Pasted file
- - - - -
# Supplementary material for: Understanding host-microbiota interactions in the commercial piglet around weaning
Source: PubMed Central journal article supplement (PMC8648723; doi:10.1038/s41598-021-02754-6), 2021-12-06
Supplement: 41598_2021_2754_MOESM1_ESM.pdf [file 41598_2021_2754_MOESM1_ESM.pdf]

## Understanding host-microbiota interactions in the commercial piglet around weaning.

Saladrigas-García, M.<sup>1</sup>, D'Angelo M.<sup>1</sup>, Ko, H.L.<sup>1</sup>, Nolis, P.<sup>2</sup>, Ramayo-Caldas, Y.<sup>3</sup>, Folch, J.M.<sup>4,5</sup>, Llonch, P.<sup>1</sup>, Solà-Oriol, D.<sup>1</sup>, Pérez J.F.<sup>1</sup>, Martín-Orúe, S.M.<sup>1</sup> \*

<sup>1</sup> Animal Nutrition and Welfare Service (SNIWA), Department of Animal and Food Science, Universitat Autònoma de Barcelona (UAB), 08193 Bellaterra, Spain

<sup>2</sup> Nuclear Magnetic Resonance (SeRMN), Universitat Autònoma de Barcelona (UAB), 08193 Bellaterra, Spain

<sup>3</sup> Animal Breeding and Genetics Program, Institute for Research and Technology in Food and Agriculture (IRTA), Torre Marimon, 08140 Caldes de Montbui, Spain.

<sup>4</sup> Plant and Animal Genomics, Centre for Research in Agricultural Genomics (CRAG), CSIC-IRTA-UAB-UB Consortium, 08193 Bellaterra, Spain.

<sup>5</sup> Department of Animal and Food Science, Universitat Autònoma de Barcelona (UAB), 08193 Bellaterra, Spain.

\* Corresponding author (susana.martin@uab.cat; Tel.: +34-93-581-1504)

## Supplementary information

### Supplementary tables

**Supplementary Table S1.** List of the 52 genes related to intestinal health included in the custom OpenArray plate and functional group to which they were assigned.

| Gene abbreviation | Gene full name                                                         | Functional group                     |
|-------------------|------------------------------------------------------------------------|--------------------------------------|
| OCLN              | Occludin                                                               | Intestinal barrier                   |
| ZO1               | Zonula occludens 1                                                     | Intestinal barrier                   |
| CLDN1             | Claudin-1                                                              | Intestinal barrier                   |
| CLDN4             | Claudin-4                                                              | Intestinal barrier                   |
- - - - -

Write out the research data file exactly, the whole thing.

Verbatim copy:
# Supplementary material for: Understanding host-microbiota interactions in the commercial piglet around weaning
Source: PubMed Central journal article supplement (PMC8648723; doi:10.1038/s41598-021-02754-6), 2021-12-06
Supplement: 41598_2021_2754_MOESM1_ESM.pdf [file 41598_2021_2754_MOESM1_ESM.pdf]

## Understanding host-microbiota interactions in the commercial piglet around weaning.

Saladrigas-García, M.<sup>1</sup>, D'Angelo M.<sup>1</sup>, Ko, H.L.<sup>1</sup>, Nolis, P.<sup>2</sup>, Ramayo-Caldas, Y.<sup>3</sup>, Folch, J.M.<sup>4,5</sup>, Llonch, P.<sup>1</sup>, Solà-Oriol, D.<sup>1</sup>, Pérez J.F.<sup>1</sup>, Martín-Orúe, S.M.<sup>1</sup> \*

<sup>1</sup> Animal Nutrition and Welfare Service (SNIWA), Department of Animal and Food Science, Universitat Autònoma de Barcelona (UAB), 08193 Bellaterra, Spain

<sup>2</sup> Nuclear Magnetic Resonance (SeRMN), Universitat Autònoma de Barcelona (UAB), 08193 Bellaterra, Spain

<sup>3</sup> Animal Breeding and Genetics Program, Institute for Research and Technology in Food and Agriculture (IRTA), Torre Marimon, 08140 Caldes de Montbui, Spain.

<sup>4</sup> Plant and Animal Genomics, Centre for Research in Agricultural Genomics (CRAG), CSIC-IRTA-UAB-UB Consortium, 08193 Bellaterra, Spain.

<sup>5</sup> Department of Animal and Food Science, Universitat Autònoma de Barcelona (UAB), 08193 Bellaterra, Spain.

\* Corresponding author (susana.martin@uab.cat; Tel.: +34-93-581-1504)

## Supplementary information

### Supplementary tables

**Supplementary Table S1.** List of the 52 genes related to intestinal health included in the custom OpenArray plate and functional group to which they were assigned.

| Gene abbreviation | Gene full name                                                         | Functional group                     |
|-------------------|------------------------------------------------------------------------|--------------------------------------|
| OCLN              | Occludin                                                               | Intestinal barrier                   |
| ZO1               | Zonula occludens 1                                                     | Intestinal barrier                   |
| CLDN1             | Claudin-1                                                              | Intestinal barrier                   |
| CLDN4             | Claudin-4                                                              | Intestinal barrier                   |